It's not in Al Gore's PowerPoint presentation, but there are some upsides to global warming.

Northern homes could save on heating fuel. Rust Belt cities might stop losing snowbirds to the South. Canadian farmers could harvest bumper crops.

Greenland may become awash in cod and oil riches. Shippers could count on an Arctic shortcut between the Atlantic and Pacific. Forests may expand. Mongolia could see a go-go economy.

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This is all speculative, even a little facetious, and any gains are not likely to make up for predicted frightening upheavals elsewhere.

But still — might there be a silver lining for the frigid regions of Canada and Russia?

"It's not that there won't be bad things happening in those countries. There will be — things like you'll lose polar bears," said economic professor Robert O. Mendelsohn of the Yale School of Forestry & Environmental Studies. "But the idea is that they will get such large gains, especially in agriculture, that they will be bigger than the losses."

Mendelsohn looked at how gross domestic product around the world would be affected under different warming scenarios though 2100. Canada and Russia tend to come out as gainers, as does much of northern Europe and Mongolia.

This is largely because of projected gains in agricultural production in those areas. Many researchers believe that if the world warms up, the sweet spots for growing crops will migrate toward the poles.

Some people claim the phenomenon is already manifesting itself in bountiful forsythia blooms in Vermont and maple sap flowing in upstate New York in January.

"I've been betting on it for years," said Chris Loken, a Hudson Valley apple grower who years ago diversified his LoveApple Farm with an eye toward warmer weather.

Amid acres of apple trees lined up along bucolic hills in Ghent, N.Y., Loken planted stands of peach, apricot and plum.

Frosty upstate New York winters are not always kind to those trees, but the 75-year-old farmer is counting on a trend of milder winters.

"This farm here has been set up for the future," he said.

The future may have arrived already in icy Greenland, where fishermen are thrilled by the return of cod and farmers are reporting higher yields.

"Maybe the turnips get a little bit bigger, and the potatoes get a little bit bigger, but that's important," said Kenneth Hoegh, a government agricultural adviser. "We are right on the edge here for agriculture."

Jesper Madsen, who directs Arctic research at the National Environmental Research Institute in Denmark, said Greenland's agricultural gains would seem like small potatoes economically if the retreating ice there clears the way for more oil drilling.

Still, people shouldn't start planting banana trees in Boise or book a beach vacation in Iceland just yet. A likely warm-up would be gradual and might even be mitigated if the world cuts greenhouse gas emissions.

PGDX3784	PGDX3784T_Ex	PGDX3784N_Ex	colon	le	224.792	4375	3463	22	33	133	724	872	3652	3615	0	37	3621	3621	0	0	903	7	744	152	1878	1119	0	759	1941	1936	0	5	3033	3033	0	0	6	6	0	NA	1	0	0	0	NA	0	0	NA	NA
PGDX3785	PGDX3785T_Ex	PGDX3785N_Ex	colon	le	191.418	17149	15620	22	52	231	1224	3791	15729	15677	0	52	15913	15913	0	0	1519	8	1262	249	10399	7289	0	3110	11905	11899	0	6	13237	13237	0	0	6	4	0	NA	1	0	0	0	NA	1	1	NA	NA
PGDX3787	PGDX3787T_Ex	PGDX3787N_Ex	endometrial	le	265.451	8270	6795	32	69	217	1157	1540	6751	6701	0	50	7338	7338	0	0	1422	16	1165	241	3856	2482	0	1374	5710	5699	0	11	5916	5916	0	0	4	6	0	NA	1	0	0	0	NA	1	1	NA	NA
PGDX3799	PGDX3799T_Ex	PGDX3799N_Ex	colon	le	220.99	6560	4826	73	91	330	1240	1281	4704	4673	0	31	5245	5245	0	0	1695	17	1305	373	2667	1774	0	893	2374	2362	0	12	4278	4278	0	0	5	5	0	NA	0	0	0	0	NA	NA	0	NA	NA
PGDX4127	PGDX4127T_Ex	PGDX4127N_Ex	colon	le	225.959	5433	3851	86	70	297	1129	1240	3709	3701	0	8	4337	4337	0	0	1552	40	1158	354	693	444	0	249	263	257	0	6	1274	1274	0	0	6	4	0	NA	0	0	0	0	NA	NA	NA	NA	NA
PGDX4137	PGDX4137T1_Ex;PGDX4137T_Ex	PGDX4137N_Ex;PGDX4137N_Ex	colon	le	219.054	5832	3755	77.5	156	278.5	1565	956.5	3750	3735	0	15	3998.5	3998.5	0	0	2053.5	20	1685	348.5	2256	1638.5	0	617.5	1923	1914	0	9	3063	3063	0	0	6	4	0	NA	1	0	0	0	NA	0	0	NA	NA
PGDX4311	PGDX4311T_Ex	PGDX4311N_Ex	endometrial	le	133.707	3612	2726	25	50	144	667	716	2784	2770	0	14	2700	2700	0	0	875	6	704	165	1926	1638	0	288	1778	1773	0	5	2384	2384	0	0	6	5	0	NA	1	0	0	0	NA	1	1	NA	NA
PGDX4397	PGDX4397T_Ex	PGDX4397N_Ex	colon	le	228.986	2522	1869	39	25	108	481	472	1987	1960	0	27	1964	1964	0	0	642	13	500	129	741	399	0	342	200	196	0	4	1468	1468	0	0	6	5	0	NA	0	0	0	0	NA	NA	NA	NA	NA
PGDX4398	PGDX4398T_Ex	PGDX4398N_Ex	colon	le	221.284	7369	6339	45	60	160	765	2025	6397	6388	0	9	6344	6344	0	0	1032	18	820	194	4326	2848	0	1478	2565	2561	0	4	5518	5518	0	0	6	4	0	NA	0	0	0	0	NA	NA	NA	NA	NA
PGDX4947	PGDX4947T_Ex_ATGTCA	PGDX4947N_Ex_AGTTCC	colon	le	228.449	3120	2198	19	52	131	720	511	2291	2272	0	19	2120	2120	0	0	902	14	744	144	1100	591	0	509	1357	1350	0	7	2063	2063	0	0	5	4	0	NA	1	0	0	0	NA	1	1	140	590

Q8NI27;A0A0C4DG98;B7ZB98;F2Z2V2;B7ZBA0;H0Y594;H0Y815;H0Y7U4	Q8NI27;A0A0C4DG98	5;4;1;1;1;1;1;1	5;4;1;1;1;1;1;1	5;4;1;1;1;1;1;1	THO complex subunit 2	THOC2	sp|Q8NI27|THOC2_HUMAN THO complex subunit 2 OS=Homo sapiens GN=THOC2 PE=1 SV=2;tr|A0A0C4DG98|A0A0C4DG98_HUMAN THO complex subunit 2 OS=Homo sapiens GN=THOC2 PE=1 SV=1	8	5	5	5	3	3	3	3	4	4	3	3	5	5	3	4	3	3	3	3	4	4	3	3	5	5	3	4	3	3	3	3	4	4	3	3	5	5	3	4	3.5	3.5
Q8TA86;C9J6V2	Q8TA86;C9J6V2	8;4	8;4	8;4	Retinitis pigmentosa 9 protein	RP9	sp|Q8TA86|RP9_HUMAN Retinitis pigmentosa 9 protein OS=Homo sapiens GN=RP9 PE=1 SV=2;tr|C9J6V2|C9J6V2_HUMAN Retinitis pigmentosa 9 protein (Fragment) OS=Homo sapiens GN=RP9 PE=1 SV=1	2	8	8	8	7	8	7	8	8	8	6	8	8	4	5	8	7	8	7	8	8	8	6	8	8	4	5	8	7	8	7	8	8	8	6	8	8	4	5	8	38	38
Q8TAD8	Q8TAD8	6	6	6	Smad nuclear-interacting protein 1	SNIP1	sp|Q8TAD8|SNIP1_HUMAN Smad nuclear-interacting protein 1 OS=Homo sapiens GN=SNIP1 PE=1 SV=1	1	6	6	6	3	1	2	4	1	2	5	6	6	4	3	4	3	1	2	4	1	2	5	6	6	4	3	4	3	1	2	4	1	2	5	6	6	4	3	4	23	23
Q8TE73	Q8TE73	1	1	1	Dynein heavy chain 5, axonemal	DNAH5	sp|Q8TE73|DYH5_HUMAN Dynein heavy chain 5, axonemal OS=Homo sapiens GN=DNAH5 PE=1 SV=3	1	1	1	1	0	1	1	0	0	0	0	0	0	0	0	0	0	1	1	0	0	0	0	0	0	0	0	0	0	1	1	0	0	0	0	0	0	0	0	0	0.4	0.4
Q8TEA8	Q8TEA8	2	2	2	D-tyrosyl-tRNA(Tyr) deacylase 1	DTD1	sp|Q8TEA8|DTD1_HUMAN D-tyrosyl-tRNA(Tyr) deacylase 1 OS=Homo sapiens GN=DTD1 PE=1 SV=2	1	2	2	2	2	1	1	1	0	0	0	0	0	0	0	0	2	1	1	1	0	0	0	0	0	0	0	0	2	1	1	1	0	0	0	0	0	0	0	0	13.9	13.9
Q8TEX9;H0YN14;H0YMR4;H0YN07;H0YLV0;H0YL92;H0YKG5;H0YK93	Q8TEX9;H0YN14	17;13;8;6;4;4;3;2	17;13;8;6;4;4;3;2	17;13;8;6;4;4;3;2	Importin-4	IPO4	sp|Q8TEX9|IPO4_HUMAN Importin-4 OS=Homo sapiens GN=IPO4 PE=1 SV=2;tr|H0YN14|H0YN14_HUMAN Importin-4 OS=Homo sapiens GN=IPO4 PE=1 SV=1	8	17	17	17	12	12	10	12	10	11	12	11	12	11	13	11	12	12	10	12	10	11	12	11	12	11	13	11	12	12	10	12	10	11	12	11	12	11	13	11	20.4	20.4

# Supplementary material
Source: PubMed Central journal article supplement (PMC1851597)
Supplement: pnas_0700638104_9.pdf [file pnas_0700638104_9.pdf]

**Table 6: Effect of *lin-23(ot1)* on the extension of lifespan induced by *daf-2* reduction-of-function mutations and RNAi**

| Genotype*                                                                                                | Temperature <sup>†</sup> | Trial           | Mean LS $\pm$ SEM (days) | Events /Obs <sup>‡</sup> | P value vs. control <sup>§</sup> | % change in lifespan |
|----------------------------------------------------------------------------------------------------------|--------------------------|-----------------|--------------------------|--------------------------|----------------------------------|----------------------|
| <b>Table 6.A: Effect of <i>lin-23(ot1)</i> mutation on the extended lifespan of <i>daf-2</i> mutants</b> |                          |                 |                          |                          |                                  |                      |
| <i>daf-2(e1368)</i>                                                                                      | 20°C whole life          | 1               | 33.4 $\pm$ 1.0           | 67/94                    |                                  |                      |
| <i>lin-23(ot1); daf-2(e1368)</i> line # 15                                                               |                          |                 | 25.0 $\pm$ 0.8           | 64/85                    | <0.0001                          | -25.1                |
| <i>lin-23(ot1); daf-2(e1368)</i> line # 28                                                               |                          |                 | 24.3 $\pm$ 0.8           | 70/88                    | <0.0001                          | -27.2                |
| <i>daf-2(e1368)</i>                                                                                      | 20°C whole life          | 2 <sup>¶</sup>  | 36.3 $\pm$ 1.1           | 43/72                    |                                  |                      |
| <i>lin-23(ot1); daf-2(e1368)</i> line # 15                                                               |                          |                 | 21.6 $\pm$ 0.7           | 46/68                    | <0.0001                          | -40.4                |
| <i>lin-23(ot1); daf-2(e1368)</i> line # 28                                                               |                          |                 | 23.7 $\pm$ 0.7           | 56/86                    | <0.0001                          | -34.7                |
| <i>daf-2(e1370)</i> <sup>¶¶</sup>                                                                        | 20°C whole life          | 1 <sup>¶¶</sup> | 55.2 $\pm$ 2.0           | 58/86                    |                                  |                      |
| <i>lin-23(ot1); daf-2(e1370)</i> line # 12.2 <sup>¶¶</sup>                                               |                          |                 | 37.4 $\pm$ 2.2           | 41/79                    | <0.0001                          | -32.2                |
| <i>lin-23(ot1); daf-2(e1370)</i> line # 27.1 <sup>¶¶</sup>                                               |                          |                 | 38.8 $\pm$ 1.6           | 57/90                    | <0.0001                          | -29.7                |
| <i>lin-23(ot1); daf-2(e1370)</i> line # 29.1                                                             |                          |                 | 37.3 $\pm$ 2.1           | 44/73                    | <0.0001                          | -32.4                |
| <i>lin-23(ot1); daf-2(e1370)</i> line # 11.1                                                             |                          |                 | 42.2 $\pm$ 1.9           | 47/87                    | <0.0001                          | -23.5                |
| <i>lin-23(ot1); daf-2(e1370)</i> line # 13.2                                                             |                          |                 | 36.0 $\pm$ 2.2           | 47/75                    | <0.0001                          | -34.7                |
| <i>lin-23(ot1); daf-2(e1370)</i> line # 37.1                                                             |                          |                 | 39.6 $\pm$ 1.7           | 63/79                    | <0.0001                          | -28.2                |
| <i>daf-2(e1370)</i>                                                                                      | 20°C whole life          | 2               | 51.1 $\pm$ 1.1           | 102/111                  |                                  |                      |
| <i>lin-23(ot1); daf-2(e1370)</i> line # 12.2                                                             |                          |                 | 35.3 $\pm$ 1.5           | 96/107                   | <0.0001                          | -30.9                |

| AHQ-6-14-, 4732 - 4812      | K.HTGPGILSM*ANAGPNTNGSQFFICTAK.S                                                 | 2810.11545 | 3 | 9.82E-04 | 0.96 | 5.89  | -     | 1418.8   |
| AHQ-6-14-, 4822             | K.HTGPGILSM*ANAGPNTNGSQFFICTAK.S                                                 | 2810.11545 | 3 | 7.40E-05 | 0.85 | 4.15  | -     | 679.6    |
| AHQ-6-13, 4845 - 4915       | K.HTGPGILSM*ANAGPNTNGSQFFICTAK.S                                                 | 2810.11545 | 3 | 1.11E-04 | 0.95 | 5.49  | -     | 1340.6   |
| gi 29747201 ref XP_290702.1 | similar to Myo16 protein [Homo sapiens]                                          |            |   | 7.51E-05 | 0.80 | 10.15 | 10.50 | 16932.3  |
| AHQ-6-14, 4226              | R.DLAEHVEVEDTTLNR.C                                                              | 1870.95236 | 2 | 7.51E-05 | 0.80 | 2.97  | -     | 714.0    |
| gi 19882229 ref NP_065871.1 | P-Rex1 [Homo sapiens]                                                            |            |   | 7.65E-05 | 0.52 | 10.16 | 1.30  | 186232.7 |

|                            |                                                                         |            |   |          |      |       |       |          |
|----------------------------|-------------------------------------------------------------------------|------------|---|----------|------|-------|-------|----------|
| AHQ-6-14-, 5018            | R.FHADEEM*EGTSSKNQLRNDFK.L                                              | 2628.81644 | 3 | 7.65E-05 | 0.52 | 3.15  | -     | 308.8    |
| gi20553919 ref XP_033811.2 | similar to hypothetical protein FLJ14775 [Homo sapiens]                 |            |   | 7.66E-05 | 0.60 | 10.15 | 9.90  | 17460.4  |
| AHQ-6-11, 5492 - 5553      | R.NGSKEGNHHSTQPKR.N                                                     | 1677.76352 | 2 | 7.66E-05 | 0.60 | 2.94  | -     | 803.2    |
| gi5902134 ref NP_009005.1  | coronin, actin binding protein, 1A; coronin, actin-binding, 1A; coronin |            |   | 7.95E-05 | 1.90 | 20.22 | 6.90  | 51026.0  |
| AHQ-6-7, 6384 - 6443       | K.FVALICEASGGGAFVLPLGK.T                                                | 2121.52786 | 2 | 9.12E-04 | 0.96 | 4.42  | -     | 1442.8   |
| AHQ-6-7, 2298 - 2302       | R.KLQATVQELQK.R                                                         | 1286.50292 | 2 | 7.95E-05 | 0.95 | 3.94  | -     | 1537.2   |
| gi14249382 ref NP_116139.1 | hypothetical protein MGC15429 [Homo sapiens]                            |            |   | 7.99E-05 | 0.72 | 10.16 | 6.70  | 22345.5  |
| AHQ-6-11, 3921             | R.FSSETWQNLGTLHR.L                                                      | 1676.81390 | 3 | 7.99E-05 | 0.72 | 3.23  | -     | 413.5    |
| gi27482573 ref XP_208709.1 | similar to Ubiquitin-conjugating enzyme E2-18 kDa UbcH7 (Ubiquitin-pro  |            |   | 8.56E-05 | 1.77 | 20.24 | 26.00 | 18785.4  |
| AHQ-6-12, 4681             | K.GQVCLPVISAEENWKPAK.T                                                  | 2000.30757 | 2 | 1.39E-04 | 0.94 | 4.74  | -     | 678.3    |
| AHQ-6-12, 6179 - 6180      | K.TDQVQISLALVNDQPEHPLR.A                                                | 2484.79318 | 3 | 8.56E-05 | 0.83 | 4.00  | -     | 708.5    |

Currently, the "optimal holiday destination" has an annual average temperature of about 61 degrees (think Atlanta, or Barcelona), according to a group of European researchers.

A worldwide warming will essentially drive tourists away from equatorial regions toward the poles and up the mountains, said one of those researchers, economist Richard Tol of the Economic and Social Research Institute in Ireland.

So ... surf's up, Buffalo?

Probably not. While oceanfront cities might have to build seawalls to hold back the ocean in a warming world, some researchers believe the freshwater Great Lakes will evaporate a bit.

But a projected 11-degree boost by the turn of the next century could be a boon for chillier cities like Cleveland, Milwaukee, Detroit and Buffalo, even knocking them into the "optimal" holiday range.

"A shorter winter with less snow might help counter Buffalo's inaccurate reputation as snow capital of the East Coast," said Marti Gorman, a local booster.

Looking around the world, a list provided by Tol said the biggest winner in a warmed-up world would be — no surprise — Canada.

It would see a 220 percent increase in international tourist arrivals by the end of the century, followed by Russia with a 174 percent jump, and Mongolia, up 122 percent.

Of course, the caveats are significant when trying to make any long-term global forecast. There are so many variables.

A longer growing season does a farmer no good if resulting rain patterns bring a drought. Mendelsohn said northern residents saving on winter heating fuel will end up spending more than that to keep cool in the summer.

Great Lakes cities might enjoy balmier weather, but could suffer if lower lake levels cut off shipping lanes. And global warming could present deadly new opportunities for parasites and disease.

Some researchers stress that there aren't really any winners in global warming because the planet as a whole will be such a big loser.

Marginal gains in limited areas can't be stacked up on one side of the ledger, they say, when the negatives can include planet-wide food and water shortages, mass flooding and extinction.

"In the end, you don't find really large, really significant benefits," said Michael MacCracken, chief scientist at the nonpartisan Climate Institute in Washington. "I mean, loss of biodiversity is an irreversible thing for the planet. Saving a little money on heating in winter areas is a small economic gain for some people. How do you compare that?"